Health and safety legislation requires that premises are kept safe for both employees and visitors alike. When someone is injured in an accident as a result of a failure by the property managers to maintain premises in a safe condition, they can be prosecuted under criminal law.
Clearly, there are times when premises have been allowed to remain in an obviously dangerous state and in such circumstances a prosecution is normally successful. However, in many cases, the position is less clear cut and in these circumstances the issue will be decided on whether or not the injury happened as a result of a normal risk of everyday life.
In a recent case, a school headmaster appealed against his conviction under the Health and Safety at Work Act 1974. The case involved a three-year-old child who fell down steps at the school and sustained a head injury. The child contracted MRSA in hospital and died.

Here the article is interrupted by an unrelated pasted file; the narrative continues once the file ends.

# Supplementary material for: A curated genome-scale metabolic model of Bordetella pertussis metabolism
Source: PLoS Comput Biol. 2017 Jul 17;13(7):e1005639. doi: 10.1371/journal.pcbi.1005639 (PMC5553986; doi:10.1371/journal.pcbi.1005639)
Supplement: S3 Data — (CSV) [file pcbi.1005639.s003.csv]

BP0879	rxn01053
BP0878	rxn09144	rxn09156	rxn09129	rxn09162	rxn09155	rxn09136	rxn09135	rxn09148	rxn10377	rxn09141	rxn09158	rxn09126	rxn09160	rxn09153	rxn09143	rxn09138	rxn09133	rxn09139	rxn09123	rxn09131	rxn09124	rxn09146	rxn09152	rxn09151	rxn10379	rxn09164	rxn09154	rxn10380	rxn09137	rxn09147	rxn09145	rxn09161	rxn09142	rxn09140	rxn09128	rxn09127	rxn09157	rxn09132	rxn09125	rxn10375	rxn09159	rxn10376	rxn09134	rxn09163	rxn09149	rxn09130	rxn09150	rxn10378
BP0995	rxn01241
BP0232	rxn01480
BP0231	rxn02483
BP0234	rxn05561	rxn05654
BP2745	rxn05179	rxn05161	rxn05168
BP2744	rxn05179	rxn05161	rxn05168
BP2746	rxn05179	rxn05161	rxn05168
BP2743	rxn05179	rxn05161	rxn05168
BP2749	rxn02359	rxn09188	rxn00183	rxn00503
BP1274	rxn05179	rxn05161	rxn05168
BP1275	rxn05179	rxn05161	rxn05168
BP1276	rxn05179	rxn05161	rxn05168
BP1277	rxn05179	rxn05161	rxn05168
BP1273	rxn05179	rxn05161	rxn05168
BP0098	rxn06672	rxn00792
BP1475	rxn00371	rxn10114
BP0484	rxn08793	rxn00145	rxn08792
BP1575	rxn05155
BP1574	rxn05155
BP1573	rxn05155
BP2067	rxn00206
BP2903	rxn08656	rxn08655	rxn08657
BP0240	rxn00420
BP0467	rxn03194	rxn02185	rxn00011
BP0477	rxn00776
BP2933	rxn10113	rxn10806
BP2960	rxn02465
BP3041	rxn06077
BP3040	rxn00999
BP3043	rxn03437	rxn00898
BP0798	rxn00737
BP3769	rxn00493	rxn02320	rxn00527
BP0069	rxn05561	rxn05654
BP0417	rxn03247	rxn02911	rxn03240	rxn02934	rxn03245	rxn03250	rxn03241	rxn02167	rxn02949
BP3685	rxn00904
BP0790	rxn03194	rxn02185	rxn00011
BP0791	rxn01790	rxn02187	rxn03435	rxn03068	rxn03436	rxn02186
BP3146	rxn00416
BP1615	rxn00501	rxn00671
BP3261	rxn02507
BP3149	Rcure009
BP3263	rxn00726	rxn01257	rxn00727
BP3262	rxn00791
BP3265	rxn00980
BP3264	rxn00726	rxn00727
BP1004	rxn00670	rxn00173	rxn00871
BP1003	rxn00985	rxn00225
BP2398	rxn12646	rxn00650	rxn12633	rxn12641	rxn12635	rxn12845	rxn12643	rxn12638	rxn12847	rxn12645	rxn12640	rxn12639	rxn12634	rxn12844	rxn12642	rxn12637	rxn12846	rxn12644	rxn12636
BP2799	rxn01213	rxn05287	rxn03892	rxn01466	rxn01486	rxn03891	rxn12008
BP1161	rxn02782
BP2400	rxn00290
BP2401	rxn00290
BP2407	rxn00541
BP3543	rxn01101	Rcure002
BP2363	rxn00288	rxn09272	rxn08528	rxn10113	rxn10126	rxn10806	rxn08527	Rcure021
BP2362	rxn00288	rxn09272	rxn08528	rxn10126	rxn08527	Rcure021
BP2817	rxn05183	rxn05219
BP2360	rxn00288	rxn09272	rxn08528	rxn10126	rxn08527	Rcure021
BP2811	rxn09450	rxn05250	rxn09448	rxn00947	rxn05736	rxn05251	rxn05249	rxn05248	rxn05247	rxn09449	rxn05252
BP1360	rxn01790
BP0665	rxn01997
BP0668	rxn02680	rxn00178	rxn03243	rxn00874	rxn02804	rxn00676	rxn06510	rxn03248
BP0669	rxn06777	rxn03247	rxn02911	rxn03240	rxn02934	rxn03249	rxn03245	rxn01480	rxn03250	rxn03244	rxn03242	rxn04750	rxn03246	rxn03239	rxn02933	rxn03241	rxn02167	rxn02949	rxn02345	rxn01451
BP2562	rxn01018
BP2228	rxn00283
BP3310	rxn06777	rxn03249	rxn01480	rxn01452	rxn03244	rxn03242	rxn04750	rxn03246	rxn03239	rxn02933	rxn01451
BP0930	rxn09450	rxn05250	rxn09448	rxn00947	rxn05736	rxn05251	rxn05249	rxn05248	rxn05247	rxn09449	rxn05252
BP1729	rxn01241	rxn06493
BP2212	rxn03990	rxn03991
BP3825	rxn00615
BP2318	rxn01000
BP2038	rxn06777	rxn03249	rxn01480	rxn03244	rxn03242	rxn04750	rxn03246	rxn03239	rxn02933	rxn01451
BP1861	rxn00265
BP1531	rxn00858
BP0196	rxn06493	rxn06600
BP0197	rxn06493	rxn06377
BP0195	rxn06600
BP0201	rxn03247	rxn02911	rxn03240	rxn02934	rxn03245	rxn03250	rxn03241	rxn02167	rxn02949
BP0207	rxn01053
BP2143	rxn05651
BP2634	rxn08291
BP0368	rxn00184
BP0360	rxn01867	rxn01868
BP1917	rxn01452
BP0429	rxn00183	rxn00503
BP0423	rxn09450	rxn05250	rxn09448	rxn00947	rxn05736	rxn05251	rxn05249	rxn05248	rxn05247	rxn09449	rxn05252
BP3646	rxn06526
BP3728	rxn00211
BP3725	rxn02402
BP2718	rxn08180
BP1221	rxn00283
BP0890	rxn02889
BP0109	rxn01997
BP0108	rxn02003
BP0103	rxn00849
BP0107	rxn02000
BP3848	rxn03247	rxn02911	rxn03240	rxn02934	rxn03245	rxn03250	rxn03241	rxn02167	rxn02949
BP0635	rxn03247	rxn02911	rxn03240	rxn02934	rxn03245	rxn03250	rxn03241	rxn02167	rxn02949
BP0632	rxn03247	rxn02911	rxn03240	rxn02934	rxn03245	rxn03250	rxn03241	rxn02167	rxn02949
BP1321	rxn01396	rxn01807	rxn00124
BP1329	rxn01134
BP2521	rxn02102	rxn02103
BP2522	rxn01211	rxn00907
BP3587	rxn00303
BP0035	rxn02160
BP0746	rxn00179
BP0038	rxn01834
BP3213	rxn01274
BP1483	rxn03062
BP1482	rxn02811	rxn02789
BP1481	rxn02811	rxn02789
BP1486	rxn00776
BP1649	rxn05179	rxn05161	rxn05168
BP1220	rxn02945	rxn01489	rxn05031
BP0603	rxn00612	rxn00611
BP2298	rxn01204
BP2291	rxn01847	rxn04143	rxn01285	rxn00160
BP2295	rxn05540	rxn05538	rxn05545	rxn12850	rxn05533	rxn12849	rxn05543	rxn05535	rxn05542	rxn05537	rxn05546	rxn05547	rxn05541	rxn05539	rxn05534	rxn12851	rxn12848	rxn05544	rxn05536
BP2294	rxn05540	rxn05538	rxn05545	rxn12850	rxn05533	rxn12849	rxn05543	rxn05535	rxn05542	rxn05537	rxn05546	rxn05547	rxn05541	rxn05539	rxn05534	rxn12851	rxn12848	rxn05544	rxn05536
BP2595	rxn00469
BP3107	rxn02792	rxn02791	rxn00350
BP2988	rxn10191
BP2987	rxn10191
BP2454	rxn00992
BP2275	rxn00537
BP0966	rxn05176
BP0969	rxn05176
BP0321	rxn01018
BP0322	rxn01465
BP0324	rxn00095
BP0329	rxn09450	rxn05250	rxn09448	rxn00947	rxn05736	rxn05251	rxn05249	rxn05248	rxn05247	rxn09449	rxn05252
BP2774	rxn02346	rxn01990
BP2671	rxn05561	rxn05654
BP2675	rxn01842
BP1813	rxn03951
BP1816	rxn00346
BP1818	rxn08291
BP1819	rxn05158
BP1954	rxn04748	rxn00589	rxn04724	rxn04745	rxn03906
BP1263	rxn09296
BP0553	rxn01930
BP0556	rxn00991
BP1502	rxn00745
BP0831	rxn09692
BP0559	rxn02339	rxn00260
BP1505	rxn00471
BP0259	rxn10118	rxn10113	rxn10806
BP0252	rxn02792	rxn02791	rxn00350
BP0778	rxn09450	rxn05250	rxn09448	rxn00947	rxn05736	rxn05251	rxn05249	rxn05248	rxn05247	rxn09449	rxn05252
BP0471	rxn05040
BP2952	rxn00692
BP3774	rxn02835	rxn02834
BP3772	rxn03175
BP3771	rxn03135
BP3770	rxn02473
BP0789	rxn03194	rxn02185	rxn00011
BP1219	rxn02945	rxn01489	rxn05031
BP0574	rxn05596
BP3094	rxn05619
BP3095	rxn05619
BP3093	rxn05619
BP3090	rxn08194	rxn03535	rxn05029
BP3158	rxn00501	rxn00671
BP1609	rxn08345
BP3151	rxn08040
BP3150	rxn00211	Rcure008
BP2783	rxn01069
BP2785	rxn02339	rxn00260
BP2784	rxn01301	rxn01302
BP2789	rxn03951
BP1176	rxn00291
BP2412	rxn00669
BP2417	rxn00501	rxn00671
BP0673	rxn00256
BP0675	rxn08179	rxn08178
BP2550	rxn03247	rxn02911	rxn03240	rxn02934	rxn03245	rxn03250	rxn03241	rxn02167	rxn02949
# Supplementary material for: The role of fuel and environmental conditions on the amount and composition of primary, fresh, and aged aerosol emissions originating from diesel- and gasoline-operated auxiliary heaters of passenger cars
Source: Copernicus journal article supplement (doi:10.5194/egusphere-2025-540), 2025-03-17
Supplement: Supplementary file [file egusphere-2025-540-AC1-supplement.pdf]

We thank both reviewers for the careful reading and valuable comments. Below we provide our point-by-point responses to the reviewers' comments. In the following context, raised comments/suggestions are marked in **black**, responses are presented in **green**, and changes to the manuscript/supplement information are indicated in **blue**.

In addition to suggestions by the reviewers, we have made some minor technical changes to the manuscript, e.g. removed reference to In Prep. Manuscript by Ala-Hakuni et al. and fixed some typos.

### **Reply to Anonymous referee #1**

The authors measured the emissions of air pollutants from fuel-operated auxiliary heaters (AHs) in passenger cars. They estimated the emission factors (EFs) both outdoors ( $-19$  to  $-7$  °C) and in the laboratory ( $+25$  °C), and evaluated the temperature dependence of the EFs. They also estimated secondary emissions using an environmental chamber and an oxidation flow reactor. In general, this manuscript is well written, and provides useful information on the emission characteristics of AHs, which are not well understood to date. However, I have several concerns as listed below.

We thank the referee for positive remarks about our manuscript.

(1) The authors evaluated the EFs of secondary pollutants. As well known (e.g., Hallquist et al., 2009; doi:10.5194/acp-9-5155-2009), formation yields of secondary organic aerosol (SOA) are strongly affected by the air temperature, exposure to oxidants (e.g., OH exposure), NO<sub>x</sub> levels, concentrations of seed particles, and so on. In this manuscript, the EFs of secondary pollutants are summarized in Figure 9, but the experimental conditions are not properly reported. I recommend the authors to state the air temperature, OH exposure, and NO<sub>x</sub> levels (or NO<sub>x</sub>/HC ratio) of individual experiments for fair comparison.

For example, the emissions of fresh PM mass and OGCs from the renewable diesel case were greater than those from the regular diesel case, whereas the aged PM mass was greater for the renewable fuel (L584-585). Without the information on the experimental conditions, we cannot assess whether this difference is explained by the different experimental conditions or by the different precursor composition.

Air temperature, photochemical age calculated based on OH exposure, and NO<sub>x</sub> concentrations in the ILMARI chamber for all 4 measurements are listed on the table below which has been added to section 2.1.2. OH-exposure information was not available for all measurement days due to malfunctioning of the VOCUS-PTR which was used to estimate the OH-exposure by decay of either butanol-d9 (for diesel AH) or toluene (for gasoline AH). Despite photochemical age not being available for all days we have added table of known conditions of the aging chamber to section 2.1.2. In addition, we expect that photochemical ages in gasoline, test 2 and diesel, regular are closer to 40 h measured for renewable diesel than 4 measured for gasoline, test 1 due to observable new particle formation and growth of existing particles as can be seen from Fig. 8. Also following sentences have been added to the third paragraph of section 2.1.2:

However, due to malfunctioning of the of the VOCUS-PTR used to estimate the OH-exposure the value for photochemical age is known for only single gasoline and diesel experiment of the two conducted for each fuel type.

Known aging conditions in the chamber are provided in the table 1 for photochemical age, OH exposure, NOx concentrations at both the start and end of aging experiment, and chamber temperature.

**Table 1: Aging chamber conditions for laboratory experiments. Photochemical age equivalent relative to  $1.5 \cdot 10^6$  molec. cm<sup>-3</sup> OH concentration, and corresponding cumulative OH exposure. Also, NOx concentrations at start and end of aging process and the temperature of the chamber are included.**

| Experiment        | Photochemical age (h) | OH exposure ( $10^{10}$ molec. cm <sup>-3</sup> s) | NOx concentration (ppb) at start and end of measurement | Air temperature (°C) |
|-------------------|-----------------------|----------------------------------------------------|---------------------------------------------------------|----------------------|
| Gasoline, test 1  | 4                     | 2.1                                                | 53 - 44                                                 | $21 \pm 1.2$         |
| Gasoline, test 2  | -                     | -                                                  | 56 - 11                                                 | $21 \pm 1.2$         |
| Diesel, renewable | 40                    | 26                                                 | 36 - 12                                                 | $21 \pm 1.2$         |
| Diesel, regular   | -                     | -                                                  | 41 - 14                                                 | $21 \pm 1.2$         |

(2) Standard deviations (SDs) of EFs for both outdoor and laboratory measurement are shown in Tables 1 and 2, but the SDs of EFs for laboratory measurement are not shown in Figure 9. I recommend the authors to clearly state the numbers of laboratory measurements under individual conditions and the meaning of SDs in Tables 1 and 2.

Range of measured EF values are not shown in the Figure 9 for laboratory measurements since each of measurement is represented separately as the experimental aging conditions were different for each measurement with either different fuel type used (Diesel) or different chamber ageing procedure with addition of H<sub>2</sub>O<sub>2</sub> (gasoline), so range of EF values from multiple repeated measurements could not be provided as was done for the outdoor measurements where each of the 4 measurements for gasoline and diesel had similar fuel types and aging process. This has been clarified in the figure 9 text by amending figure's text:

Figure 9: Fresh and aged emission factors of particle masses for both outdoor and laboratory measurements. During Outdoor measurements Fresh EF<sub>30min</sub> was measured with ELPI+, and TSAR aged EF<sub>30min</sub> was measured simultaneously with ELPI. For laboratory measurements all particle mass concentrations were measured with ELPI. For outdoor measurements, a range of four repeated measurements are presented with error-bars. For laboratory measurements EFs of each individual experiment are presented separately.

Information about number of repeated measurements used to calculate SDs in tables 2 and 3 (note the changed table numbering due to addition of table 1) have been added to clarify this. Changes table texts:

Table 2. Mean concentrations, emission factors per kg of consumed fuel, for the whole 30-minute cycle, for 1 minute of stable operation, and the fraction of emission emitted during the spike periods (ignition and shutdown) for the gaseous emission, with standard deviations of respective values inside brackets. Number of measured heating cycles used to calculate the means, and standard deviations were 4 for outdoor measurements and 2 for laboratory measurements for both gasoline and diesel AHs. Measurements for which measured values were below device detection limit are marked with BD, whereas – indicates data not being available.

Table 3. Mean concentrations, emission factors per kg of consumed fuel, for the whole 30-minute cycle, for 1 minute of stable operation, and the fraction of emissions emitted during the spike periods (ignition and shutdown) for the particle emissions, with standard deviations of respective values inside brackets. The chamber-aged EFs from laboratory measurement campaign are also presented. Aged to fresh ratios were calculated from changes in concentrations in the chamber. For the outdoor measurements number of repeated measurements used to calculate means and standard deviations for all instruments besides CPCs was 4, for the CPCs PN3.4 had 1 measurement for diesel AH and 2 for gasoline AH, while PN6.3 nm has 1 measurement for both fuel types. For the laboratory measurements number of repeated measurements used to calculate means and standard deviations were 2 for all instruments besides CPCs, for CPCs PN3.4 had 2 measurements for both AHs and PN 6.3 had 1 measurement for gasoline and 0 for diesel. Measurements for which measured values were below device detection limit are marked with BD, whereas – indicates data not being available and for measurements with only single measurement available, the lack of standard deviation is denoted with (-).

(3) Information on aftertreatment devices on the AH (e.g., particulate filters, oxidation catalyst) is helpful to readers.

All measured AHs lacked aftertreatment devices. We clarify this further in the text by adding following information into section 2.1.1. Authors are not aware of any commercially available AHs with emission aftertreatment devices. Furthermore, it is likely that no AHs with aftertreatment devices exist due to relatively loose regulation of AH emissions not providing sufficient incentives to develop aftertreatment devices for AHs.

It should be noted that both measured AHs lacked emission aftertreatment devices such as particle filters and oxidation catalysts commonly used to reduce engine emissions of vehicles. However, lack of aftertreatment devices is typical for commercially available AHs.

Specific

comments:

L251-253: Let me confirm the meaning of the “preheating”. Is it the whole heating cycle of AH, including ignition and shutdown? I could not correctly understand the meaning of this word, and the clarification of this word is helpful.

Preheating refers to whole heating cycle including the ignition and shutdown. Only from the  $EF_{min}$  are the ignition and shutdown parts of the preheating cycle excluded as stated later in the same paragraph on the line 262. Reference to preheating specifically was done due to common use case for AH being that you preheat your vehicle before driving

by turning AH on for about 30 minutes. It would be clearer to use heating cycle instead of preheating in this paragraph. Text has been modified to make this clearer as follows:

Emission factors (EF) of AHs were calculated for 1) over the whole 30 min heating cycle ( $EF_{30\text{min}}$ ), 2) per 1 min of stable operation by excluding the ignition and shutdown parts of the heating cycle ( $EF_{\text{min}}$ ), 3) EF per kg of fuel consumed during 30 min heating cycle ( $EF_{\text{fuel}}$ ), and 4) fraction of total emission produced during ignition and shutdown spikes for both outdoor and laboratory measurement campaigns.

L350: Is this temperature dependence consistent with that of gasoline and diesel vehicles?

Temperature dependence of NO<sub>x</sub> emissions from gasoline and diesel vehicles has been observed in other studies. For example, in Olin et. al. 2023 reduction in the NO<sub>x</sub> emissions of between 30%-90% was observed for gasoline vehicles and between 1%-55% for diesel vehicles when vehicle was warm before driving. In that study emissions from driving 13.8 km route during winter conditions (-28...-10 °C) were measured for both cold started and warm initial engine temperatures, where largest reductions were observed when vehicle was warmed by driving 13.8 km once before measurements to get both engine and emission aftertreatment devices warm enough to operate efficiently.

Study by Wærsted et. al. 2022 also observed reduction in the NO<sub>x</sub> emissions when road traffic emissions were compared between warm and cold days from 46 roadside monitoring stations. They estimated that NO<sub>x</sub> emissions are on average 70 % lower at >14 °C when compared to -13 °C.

The case turned on whether the risk to which the child had been exposed (i.e. falling down the steps) was a real risk which was caused by the conduct of the school. The Court of Appeal found that it was not and so the headmaster’s conviction was overturned.